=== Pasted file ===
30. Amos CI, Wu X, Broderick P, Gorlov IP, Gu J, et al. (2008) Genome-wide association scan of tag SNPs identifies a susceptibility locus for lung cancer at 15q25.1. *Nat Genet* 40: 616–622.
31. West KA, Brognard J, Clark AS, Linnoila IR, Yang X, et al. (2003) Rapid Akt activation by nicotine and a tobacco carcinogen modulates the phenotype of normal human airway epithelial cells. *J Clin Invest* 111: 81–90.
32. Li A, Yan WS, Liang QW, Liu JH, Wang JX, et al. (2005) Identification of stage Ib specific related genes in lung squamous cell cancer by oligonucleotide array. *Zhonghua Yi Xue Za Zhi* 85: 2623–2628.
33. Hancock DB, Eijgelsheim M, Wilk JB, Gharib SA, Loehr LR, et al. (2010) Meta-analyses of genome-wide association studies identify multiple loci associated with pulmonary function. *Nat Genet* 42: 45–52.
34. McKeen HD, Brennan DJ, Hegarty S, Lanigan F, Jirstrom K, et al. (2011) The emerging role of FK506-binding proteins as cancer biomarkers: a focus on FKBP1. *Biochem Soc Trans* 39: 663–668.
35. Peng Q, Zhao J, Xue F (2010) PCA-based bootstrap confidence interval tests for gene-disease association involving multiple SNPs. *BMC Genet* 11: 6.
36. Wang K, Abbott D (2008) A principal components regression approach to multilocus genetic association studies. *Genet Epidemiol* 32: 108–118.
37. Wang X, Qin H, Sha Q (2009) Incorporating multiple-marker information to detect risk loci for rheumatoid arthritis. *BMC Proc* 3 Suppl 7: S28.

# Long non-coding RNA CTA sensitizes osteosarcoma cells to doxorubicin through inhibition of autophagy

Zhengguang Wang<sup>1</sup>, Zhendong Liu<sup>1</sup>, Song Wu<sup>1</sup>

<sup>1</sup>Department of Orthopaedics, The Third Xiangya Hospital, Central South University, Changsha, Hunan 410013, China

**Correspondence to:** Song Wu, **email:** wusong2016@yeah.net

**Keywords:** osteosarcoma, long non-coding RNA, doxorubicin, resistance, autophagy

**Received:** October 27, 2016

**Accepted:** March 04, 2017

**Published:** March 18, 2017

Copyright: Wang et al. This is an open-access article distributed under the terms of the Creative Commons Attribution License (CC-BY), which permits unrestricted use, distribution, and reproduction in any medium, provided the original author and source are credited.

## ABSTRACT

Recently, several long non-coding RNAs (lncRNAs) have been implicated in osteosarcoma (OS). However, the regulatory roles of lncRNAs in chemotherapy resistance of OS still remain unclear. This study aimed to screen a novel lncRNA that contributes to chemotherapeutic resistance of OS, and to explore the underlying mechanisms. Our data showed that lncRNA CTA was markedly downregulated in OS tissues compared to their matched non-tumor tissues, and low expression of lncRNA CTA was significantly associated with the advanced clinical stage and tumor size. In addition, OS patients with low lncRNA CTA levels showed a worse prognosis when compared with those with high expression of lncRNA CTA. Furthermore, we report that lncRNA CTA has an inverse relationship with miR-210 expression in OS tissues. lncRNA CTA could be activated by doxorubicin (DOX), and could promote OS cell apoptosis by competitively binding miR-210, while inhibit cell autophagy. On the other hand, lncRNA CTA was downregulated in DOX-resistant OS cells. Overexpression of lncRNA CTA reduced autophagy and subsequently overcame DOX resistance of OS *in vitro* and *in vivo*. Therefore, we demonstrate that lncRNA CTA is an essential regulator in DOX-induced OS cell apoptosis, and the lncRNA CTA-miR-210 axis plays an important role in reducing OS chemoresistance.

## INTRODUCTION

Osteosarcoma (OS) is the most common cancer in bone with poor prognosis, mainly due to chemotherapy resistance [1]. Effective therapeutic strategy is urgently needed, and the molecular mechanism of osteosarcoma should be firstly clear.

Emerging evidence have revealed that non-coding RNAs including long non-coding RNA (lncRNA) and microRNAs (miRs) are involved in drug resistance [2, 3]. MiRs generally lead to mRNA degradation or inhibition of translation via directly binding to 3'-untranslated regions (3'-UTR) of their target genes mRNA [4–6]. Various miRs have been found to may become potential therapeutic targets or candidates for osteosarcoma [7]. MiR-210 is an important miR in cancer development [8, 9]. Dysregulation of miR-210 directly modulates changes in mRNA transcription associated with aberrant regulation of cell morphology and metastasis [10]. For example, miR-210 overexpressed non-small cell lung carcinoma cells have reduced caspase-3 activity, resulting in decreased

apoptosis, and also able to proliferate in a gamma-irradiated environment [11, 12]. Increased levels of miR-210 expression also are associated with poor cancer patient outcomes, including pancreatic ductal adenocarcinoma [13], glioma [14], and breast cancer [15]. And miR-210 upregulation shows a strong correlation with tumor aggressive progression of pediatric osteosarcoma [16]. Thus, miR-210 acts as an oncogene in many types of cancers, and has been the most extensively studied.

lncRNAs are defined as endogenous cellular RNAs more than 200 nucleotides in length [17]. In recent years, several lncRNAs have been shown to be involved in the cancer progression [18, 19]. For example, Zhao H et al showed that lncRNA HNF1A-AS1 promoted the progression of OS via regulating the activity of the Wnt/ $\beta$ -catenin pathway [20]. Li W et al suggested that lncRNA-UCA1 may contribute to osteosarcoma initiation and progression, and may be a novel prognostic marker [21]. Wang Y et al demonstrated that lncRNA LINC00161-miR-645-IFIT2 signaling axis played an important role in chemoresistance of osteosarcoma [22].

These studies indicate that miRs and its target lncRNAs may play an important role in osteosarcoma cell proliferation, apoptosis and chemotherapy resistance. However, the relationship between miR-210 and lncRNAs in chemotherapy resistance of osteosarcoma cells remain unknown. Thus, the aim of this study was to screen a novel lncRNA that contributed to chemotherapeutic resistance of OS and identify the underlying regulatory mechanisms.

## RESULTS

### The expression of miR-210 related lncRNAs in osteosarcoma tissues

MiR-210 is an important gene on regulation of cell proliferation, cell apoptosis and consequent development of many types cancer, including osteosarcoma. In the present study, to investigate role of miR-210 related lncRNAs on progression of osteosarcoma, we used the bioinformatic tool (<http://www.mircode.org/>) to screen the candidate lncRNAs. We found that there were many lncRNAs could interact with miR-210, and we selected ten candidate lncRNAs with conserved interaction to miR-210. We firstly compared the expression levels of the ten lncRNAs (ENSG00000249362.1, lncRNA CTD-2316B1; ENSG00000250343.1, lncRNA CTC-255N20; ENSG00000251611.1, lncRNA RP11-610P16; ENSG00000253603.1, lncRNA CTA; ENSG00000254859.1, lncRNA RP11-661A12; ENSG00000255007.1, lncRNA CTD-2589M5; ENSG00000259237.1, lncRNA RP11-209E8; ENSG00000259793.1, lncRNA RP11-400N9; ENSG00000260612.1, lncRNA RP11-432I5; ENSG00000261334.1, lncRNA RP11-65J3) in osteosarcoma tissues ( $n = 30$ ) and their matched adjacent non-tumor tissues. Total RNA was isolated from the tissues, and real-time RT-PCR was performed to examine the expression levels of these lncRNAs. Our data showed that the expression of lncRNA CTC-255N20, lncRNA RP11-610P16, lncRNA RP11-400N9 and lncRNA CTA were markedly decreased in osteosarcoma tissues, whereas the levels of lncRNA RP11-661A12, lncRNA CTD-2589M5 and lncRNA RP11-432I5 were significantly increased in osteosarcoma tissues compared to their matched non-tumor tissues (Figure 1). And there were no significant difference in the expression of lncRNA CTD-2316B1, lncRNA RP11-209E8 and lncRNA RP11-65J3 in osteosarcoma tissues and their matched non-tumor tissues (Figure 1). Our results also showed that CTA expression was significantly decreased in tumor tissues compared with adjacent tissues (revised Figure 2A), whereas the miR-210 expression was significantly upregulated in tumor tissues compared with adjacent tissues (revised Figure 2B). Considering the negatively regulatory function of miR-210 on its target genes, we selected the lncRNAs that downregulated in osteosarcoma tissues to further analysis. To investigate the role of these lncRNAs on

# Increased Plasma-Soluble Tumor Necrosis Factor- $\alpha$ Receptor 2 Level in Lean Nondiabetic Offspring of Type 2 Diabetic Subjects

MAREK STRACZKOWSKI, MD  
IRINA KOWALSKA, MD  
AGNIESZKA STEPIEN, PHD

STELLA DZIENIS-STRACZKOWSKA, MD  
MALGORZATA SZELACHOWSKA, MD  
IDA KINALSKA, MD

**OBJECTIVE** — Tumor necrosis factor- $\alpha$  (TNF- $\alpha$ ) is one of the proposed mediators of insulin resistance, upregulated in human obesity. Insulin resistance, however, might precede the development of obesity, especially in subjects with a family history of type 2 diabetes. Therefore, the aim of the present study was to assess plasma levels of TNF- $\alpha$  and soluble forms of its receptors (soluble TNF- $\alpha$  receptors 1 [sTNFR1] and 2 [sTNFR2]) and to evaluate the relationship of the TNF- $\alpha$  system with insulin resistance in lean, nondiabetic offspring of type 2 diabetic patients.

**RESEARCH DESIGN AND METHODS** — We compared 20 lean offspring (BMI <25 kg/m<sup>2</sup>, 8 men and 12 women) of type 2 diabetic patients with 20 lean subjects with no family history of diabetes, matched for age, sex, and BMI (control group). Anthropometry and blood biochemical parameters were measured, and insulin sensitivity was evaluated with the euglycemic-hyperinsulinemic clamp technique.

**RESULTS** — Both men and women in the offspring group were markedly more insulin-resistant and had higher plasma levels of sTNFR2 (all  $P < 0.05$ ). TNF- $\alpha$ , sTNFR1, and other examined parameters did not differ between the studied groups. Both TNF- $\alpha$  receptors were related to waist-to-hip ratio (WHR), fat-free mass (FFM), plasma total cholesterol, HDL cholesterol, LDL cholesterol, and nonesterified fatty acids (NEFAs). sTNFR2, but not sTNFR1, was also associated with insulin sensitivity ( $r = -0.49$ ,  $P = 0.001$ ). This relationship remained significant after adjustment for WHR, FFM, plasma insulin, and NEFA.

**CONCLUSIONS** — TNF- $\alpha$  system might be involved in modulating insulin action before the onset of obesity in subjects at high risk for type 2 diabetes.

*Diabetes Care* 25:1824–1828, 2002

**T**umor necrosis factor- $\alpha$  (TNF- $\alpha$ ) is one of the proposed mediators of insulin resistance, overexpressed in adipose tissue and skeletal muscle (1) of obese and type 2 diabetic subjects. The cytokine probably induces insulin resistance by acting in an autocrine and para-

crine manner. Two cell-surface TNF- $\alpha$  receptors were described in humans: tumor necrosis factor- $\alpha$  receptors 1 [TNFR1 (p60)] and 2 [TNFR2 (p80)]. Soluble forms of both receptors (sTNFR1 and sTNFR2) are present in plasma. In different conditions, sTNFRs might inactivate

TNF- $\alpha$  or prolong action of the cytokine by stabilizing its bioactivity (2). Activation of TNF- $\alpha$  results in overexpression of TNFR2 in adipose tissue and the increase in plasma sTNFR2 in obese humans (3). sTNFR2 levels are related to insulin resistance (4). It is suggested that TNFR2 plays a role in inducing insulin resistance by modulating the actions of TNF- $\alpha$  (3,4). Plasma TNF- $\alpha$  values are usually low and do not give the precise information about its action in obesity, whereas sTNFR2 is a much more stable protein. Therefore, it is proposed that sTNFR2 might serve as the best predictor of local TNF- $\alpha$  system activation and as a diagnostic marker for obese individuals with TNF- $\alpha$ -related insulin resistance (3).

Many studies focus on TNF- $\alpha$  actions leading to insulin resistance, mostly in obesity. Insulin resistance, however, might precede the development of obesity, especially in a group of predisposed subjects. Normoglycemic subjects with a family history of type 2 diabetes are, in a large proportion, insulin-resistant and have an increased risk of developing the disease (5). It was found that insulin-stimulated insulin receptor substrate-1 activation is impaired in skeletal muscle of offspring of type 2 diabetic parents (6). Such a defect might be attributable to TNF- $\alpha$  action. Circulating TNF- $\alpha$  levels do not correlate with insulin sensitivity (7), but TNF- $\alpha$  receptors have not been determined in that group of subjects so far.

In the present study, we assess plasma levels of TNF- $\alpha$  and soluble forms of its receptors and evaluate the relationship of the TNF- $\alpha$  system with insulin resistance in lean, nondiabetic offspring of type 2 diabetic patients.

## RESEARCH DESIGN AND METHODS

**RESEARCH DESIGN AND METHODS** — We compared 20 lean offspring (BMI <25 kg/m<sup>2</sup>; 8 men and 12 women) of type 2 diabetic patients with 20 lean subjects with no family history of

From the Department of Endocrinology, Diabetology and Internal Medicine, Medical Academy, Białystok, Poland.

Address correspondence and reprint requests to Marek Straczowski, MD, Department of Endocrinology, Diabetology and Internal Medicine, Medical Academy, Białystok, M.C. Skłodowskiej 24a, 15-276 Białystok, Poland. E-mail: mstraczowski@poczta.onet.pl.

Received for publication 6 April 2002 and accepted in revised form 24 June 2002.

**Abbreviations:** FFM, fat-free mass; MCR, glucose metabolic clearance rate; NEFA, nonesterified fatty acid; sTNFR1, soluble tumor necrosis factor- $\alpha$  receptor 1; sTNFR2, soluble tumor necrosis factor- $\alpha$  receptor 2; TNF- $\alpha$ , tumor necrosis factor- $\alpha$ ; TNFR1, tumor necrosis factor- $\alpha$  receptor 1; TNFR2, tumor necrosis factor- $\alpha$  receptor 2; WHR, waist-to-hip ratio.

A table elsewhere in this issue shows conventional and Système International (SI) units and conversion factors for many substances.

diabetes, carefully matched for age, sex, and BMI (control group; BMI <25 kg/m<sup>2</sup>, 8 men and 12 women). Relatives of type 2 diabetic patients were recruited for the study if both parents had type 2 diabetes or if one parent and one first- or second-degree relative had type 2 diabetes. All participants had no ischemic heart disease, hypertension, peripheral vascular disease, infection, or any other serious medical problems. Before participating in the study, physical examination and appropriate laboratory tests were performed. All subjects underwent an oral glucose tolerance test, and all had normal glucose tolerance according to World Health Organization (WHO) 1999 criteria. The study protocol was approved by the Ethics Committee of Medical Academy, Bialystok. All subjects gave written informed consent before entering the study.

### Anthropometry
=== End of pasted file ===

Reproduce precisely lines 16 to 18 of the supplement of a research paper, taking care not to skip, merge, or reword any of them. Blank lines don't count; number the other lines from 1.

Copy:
**Published:** March 18, 2017

Copyright: Wang et al. This is an open-access article distributed under the terms of the Creative Commons Attribution License (CC-BY), which permits unrestricted use, distribution, and reproduction in any medium, provided the original author and source are credited.

## ABSTRACT